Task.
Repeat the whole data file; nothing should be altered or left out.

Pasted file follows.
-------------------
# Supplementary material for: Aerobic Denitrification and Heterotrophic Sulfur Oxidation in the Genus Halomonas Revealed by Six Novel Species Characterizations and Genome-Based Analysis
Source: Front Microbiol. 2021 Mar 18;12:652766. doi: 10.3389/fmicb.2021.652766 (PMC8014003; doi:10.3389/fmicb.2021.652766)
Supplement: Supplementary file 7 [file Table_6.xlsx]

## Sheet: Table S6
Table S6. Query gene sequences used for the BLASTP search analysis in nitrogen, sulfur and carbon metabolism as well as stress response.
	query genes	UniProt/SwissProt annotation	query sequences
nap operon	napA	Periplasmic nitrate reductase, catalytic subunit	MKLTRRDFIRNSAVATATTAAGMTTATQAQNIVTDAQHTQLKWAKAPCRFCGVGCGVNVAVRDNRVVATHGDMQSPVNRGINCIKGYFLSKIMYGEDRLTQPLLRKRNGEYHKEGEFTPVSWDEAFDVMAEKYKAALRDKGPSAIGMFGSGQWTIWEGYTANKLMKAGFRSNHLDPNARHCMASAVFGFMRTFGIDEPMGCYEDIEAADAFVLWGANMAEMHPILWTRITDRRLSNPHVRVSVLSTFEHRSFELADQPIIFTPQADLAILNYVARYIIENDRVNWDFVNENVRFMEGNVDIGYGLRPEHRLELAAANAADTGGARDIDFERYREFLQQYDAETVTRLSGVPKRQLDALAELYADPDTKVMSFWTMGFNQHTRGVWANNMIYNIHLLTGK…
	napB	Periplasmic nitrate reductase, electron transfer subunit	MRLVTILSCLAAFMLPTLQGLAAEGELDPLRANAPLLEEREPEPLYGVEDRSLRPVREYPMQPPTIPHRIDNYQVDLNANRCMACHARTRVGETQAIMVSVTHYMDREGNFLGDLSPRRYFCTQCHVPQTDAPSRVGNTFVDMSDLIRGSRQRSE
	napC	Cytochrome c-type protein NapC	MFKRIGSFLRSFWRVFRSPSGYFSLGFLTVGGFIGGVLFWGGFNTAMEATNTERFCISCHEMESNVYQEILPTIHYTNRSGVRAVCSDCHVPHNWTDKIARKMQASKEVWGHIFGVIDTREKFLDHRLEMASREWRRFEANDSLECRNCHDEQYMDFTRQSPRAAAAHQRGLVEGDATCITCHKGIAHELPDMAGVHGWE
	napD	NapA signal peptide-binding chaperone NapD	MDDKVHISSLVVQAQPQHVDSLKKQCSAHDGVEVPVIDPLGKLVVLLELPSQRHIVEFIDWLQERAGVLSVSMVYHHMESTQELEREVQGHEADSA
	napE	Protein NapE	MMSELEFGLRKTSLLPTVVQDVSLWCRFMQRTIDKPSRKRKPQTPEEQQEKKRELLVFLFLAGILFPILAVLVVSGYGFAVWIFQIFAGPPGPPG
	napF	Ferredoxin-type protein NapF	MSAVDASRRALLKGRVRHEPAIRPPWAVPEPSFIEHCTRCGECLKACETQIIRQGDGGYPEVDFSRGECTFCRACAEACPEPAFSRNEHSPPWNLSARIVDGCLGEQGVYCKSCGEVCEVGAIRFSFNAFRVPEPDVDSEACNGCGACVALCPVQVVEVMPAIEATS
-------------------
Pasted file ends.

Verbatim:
# Supplementary material for: Aerobic Denitrification and Heterotrophic Sulfur Oxidation in the Genus Halomonas Revealed by Six Novel Species Characterizations and Genome-Based Analysis
Source: Front Microbiol. 2021 Mar 18;12:652766. doi: 10.3389/fmicb.2021.652766 (PMC8014003; doi:10.3389/fmicb.2021.652766)
Supplement: Supplementary file 7 [file Table_6.xlsx]

## Sheet: Table S6
Table S6. Query gene sequences used for the BLASTP search analysis in nitrogen, sulfur and carbon metabolism as well as stress response.
	query genes	UniProt/SwissProt annotation	query sequences
nap operon	napA	Periplasmic nitrate reductase, catalytic subunit	MKLTRRDFIRNSAVATATTAAGMTTATQAQNIVTDAQHTQLKWAKAPCRFCGVGCGVNVAVRDNRVVATHGDMQSPVNRGINCIKGYFLSKIMYGEDRLTQPLLRKRNGEYHKEGEFTPVSWDEAFDVMAEKYKAALRDKGPSAIGMFGSGQWTIWEGYTANKLMKAGFRSNHLDPNARHCMASAVFGFMRTFGIDEPMGCYEDIEAADAFVLWGANMAEMHPILWTRITDRRLSNPHVRVSVLSTFEHRSFELADQPIIFTPQADLAILNYVARYIIENDRVNWDFVNENVRFMEGNVDIGYGLRPEHRLELAAANAADTGGARDIDFERYREFLQQYDAETVTRLSGVPKRQLDALAELYADPDTKVMSFWTMGFNQHTRGVWANNMIYNIHLLTGK…
	napB	Periplasmic nitrate reductase, electron transfer subunit	MRLVTILSCLAAFMLPTLQGLAAEGELDPLRANAPLLEEREPEPLYGVEDRSLRPVREYPMQPPTIPHRIDNYQVDLNANRCMACHARTRVGETQAIMVSVTHYMDREGNFLGDLSPRRYFCTQCHVPQTDAPSRVGNTFVDMSDLIRGSRQRSE
	napC	Cytochrome c-type protein NapC	MFKRIGSFLRSFWRVFRSPSGYFSLGFLTVGGFIGGVLFWGGFNTAMEATNTERFCISCHEMESNVYQEILPTIHYTNRSGVRAVCSDCHVPHNWTDKIARKMQASKEVWGHIFGVIDTREKFLDHRLEMASREWRRFEANDSLECRNCHDEQYMDFTRQSPRAAAAHQRGLVEGDATCITCHKGIAHELPDMAGVHGWE
	napD	NapA signal peptide-binding chaperone NapD	MDDKVHISSLVVQAQPQHVDSLKKQCSAHDGVEVPVIDPLGKLVVLLELPSQRHIVEFIDWLQERAGVLSVSMVYHHMESTQELEREVQGHEADSA
	napE	Protein NapE	MMSELEFGLRKTSLLPTVVQDVSLWCRFMQRTIDKPSRKRKPQTPEEQQEKKRELLVFLFLAGILFPILAVLVVSGYGFAVWIFQIFAGPPGPPG
	napF	Ferredoxin-type protein NapF	MSAVDASRRALLKGRVRHEPAIRPPWAVPEPSFIEHCTRCGECLKACETQIIRQGDGGYPEVDFSRGECTFCRACAEACPEPAFSRNEHSPPWNLSARIVDGCLGEQGVYCKSCGEVCEVGAIRFSFNAFRVPEPDVDSEACNGCGACVALCPVQVVEVMPAIEATS